I recently came across a New York Times article that reminded me of an all too common experience I encounter in my estate planning practice. In the article author Ron Lieber recounts his experiment with 4 different Do-It-Yourself will drafting software programs and the outcome. Although Lieber goes through the pros and cons of each software program, his final conclusion is that while these programs may make you feel safe, they simply can’t give you the level of protection a trained attorney can—and in some cases these programs actually do more harm than good.

Unfortunately, I am often the bearer of this kind of bad news after the damage is done.  Lawyers consulted after a death cannot undo the damage done by an inadequate or incomplete estate plan, we can only do the necessary work to administer the estate and transfer the assets, hopefully, but not always, to the intended loved ones.  Unlike writing on a blank slate if nothing had been done, first, I must erase the unintelligible mess before I can begin.  This is generally expensive, meaning that the self help remedy defeats its own purpose by becoming more expensive than had the client consulted a competent lawyer in the first place.

The Attorney General of the state of Washington agrees with me.  In an announcement explaining the terms of a recent settlement with LegalZoom, the Attorney General expressed concern that the advertising and service offered was misleading because although it provided forms, it couldn’t provide the advice necessary for a consumer to determine if the forms were being completed properly.  The enforcement of its unauthorized practice of law rules is a major victory for unwary consumers and a lesson for us all.

Something happening in Washington may seem far away from our lives here in Arizona, but this is a serious issue that affects anybody considering an estate plan—or legal work of any kind!  I strongly urge you to look closer at the NYT’s article at the top of this post and then the announcement from the State of Washington.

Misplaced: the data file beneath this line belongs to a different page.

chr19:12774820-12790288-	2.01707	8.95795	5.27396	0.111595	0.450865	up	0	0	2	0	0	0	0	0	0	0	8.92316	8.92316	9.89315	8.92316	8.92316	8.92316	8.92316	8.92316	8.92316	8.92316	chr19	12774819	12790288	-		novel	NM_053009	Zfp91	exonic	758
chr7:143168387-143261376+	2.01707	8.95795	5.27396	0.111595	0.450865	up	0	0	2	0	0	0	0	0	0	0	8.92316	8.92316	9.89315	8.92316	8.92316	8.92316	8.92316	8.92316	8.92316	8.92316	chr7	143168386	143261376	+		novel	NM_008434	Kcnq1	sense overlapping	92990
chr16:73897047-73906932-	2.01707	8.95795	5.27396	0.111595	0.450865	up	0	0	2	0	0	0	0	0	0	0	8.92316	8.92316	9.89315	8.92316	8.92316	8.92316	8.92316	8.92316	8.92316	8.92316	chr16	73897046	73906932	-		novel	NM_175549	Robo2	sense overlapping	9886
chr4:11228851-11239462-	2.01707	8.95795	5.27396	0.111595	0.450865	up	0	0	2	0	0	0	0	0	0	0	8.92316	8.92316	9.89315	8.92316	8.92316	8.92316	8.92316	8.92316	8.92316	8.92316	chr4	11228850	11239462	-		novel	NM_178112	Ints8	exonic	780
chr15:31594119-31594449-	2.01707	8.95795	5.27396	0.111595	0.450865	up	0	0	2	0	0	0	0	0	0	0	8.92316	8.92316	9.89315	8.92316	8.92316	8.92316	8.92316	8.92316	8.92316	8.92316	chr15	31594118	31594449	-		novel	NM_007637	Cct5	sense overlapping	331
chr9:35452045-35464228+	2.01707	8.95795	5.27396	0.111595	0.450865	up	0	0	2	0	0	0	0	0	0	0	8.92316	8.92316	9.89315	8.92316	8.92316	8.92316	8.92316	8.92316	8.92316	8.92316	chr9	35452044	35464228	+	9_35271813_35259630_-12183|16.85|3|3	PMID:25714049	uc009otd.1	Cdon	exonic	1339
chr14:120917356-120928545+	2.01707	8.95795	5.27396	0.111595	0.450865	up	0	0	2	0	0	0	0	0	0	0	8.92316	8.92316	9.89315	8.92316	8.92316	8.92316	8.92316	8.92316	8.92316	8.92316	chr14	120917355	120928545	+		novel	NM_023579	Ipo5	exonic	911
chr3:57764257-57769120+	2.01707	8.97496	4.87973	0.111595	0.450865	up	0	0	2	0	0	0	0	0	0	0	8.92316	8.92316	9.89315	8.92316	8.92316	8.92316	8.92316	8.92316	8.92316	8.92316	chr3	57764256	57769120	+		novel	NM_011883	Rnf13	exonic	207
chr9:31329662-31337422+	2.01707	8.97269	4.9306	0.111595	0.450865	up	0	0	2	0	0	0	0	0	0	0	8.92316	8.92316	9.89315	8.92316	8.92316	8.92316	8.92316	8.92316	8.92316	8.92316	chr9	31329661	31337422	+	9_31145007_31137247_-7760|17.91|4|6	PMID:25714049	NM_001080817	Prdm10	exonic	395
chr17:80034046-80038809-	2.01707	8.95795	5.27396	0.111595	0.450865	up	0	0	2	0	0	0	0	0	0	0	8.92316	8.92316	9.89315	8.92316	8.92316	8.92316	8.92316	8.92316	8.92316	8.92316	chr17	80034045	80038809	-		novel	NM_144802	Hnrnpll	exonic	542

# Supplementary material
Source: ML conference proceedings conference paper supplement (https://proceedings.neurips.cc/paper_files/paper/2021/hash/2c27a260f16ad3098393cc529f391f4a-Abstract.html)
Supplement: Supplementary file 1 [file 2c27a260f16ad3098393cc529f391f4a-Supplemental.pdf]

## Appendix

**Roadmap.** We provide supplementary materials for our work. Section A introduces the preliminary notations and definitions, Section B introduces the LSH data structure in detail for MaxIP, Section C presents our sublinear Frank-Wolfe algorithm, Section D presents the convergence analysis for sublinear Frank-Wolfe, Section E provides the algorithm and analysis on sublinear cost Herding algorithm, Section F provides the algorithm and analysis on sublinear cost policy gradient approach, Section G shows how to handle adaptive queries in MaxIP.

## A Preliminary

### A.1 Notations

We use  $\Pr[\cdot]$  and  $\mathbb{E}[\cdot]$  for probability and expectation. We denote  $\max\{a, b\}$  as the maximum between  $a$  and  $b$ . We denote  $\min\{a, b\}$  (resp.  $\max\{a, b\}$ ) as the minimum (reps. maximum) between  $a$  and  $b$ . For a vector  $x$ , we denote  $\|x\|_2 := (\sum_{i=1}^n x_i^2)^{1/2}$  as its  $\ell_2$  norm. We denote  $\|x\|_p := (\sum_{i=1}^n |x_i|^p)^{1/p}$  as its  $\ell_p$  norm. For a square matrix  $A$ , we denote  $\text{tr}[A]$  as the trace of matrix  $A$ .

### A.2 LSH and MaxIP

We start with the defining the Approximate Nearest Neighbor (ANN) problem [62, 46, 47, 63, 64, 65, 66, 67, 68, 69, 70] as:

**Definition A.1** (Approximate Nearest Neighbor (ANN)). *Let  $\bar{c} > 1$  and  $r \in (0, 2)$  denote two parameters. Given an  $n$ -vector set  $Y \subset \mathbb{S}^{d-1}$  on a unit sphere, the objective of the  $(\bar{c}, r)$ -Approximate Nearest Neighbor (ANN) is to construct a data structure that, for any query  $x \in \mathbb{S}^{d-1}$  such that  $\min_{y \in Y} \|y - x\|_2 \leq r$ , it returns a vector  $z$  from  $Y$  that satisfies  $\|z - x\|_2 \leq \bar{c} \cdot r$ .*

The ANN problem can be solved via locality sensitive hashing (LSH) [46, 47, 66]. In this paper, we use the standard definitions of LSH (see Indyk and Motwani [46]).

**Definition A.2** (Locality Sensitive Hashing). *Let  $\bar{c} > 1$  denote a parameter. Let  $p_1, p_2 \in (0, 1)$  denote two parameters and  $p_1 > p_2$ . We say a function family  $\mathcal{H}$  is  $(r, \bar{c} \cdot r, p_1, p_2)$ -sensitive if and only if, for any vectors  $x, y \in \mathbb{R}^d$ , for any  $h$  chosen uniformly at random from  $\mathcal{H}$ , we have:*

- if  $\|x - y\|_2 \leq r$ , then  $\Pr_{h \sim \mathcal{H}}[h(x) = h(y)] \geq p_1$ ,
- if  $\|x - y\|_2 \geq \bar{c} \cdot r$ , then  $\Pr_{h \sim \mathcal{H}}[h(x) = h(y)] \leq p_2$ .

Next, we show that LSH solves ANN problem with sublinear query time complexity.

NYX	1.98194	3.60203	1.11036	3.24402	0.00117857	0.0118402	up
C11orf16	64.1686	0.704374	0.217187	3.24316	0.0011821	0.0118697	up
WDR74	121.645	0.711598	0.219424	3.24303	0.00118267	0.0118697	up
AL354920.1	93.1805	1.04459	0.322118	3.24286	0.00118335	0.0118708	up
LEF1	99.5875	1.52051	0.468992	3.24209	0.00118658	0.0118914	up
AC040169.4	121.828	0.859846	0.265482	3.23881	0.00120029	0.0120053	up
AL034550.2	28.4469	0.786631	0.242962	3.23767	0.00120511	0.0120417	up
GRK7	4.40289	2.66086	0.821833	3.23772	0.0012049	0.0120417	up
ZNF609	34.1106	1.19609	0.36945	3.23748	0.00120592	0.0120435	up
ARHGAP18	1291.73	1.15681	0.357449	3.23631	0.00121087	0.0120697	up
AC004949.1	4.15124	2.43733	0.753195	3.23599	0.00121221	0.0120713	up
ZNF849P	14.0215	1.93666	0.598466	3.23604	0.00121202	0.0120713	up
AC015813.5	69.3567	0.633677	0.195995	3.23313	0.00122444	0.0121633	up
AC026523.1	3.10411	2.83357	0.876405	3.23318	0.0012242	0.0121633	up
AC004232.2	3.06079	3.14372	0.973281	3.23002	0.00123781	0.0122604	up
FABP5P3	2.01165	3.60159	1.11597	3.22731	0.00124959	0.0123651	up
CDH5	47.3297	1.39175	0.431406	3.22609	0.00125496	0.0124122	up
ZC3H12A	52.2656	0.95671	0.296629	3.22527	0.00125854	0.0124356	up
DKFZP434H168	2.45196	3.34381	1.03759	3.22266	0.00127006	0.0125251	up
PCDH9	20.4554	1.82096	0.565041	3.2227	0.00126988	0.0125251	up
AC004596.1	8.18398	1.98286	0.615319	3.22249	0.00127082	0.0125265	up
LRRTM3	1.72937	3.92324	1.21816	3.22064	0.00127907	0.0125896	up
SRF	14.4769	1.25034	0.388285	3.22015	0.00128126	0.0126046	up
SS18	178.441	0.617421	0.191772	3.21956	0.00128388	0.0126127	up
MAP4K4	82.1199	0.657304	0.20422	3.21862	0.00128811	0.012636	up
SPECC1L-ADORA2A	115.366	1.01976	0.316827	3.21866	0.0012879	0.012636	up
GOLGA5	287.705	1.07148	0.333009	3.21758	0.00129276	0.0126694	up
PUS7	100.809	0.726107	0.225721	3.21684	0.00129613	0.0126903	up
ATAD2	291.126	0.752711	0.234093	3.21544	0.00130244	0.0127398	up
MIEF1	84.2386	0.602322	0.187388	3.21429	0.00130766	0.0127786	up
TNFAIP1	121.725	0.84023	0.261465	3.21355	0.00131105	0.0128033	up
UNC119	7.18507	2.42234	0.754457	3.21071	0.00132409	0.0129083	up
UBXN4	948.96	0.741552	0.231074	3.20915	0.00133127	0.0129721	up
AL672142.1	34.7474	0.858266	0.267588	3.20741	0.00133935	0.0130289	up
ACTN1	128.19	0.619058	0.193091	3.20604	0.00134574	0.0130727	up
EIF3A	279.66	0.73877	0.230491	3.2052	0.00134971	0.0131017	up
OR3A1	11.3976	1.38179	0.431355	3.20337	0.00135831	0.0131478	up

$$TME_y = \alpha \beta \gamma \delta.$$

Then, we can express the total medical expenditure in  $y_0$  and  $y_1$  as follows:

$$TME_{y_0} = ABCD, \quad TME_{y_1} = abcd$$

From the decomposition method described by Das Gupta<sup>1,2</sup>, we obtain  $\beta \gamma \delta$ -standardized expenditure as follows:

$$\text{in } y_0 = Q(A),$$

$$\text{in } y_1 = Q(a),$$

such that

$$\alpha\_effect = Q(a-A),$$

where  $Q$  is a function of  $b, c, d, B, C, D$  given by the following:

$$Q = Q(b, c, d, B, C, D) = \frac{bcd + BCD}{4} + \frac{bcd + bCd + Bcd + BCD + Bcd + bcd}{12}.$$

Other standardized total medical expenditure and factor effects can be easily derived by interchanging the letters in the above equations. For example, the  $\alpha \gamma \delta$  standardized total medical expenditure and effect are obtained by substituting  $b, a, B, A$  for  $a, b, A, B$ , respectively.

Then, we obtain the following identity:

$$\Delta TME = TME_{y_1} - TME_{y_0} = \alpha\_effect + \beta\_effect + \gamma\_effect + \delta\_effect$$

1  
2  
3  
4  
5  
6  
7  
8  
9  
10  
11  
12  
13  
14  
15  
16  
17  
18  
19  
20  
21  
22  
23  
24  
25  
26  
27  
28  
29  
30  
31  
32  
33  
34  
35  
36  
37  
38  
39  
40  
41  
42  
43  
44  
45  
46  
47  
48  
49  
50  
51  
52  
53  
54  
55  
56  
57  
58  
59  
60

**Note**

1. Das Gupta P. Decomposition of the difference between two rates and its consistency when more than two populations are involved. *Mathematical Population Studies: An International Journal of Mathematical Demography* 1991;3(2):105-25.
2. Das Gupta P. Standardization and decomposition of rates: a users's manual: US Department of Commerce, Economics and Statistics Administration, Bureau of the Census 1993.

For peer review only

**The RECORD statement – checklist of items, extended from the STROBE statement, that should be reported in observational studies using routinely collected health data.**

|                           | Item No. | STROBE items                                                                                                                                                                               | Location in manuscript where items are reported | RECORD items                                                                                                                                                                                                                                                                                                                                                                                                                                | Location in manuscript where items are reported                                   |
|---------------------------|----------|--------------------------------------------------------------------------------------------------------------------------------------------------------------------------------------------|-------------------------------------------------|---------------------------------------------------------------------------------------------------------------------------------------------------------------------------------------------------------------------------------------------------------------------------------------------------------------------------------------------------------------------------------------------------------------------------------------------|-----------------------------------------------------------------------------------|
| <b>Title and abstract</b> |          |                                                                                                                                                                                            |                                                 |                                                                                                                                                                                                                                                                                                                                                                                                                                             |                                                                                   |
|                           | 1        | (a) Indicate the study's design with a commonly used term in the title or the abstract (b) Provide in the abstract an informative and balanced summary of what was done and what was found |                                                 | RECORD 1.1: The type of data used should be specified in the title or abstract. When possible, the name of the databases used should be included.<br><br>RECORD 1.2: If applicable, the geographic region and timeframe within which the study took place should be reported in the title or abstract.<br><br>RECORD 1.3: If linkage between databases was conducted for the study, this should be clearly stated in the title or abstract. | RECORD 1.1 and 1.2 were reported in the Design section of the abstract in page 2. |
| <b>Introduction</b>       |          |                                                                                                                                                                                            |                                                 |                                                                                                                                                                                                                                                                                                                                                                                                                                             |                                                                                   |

It all comes back to the fact that you simply don’t know what you don’t know. Finding professional advisors whom you trust to help you determine your intent, to spend the time it takes to know you and your family, and to design an estate plan that will be efficient in terms of cost and effectiveness is of the utmost importance.

In the midst of designing an extraordinarily complex plan recently, I delivered drafts for review of multiple trusts and documents to the clients, one of whom honestly asked if they needed to hire someone to read and explain the words to them.  In the same week, a prospective probate client delivered a perfectly organized file consisting of 30 or more documents that had been prepared by a combination of document preparers and online do-it-yourself packages, all of which looked very good and which had taken a very long time to create and organize.  Unfortunately, all of those documents individually (and certainly the group as a whole) failed to achieve any of the primary purposes – it did not avoid a probate process, it did not transfer the assets to the intended persons, and it will not avoid legal fees.

What do these 2 seemingly disparate examples have in common?  Without knowing what they didn’t know, the client and the prospect were unlikely to make the right decision without relying on the expertise of a competent professional.

I believe estate planning is an important partnership.  If you teach me about your family, your finances, and your hopes, dreams, aspirations, and intentions, then I will teach you the law that must be applied to achieve the result you want to obtain.

The rest is just hard work.  Legal documents are tools to achieve a result.  Anyone can buy a hammer and saw at the local hardware store, but not everyone can build the house they want to live in.  You have spent a lifetime acquiring knowledge and skills and applying your talents to build a life; do you really want to take a chance not knowing what you don’t know?